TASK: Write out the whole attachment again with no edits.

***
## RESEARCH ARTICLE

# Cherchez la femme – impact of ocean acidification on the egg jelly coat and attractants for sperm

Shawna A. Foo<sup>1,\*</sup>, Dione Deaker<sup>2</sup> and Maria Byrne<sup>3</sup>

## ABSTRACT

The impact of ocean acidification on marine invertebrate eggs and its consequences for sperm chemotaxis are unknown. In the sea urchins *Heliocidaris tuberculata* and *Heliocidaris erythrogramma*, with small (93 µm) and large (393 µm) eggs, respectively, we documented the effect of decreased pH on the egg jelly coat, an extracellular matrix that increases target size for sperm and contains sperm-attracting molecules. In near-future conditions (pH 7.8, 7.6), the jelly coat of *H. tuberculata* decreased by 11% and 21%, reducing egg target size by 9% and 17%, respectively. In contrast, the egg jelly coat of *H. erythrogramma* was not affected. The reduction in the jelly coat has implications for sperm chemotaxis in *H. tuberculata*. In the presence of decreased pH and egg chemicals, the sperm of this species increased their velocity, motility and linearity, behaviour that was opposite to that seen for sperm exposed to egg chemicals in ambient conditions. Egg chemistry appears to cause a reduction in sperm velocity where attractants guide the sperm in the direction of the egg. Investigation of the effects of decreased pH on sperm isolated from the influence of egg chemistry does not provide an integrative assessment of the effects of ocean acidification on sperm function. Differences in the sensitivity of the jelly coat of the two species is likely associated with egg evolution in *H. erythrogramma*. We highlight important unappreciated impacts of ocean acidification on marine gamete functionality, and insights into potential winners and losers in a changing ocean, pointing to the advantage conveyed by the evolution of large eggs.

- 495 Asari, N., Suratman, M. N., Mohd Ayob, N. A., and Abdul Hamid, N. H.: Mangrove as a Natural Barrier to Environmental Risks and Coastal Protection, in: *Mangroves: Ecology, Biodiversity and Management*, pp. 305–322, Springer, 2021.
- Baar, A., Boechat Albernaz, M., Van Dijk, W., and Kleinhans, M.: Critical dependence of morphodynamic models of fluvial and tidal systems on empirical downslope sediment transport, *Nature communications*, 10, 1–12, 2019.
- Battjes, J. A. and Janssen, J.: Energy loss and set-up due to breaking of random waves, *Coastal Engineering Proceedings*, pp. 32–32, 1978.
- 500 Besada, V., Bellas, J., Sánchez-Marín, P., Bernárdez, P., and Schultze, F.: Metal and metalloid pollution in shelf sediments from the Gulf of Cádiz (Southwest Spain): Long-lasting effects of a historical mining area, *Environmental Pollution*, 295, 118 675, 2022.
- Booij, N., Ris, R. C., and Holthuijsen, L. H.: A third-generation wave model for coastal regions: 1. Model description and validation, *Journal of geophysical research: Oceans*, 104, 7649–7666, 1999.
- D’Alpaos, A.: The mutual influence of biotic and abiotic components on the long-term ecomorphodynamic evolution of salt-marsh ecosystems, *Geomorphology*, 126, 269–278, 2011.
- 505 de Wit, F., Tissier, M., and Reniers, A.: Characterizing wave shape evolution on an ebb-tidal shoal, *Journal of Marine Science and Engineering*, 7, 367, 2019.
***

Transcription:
## RESEARCH ARTICLE

# Cherchez la femme – impact of ocean acidification on the egg jelly coat and attractants for sperm

Shawna A. Foo<sup>1,\*</sup>, Dione Deaker<sup>2</sup> and Maria Byrne<sup>3</sup>

## ABSTRACT

The impact of ocean acidification on marine invertebrate eggs and its consequences for sperm chemotaxis are unknown. In the sea urchins *Heliocidaris tuberculata* and *Heliocidaris erythrogramma*, with small (93 µm) and large (393 µm) eggs, respectively, we documented the effect of decreased pH on the egg jelly coat, an extracellular matrix that increases target size for sperm and contains sperm-attracting molecules. In near-future conditions (pH 7.8, 7.6), the jelly coat of *H. tuberculata* decreased by 11% and 21%, reducing egg target size by 9% and 17%, respectively. In contrast, the egg jelly coat of *H. erythrogramma* was not affected. The reduction in the jelly coat has implications for sperm chemotaxis in *H. tuberculata*. In the presence of decreased pH and egg chemicals, the sperm of this species increased their velocity, motility and linearity, behaviour that was opposite to that seen for sperm exposed to egg chemicals in ambient conditions. Egg chemistry appears to cause a reduction in sperm velocity where attractants guide the sperm in the direction of the egg. Investigation of the effects of decreased pH on sperm isolated from the influence of egg chemistry does not provide an integrative assessment of the effects of ocean acidification on sperm function. Differences in the sensitivity of the jelly coat of the two species is likely associated with egg evolution in *H. erythrogramma*. We highlight important unappreciated impacts of ocean acidification on marine gamete functionality, and insights into potential winners and losers in a changing ocean, pointing to the advantage conveyed by the evolution of large eggs.

- 495 Asari, N., Suratman, M. N., Mohd Ayob, N. A., and Abdul Hamid, N. H.: Mangrove as a Natural Barrier to Environmental Risks and Coastal Protection, in: *Mangroves: Ecology, Biodiversity and Management*, pp. 305–322, Springer, 2021.
- Baar, A., Boechat Albernaz, M., Van Dijk, W., and Kleinhans, M.: Critical dependence of morphodynamic models of fluvial and tidal systems on empirical downslope sediment transport, *Nature communications*, 10, 1–12, 2019.
- Battjes, J. A. and Janssen, J.: Energy loss and set-up due to breaking of random waves, *Coastal Engineering Proceedings*, pp. 32–32, 1978.
- 500 Besada, V., Bellas, J., Sánchez-Marín, P., Bernárdez, P., and Schultze, F.: Metal and metalloid pollution in shelf sediments from the Gulf of Cádiz (Southwest Spain): Long-lasting effects of a historical mining area, *Environmental Pollution*, 295, 118 675, 2022.
- Booij, N., Ris, R. C., and Holthuijsen, L. H.: A third-generation wave model for coastal regions: 1. Model description and validation, *Journal of geophysical research: Oceans*, 104, 7649–7666, 1999.
- D’Alpaos, A.: The mutual influence of biotic and abiotic components on the long-term ecomorphodynamic evolution of salt-marsh ecosystems, *Geomorphology*, 126, 269–278, 2011.
- 505 de Wit, F., Tissier, M., and Reniers, A.: Characterizing wave shape evolution on an ebb-tidal shoal, *Journal of Marine Science and Engineering*, 7, 367, 2019.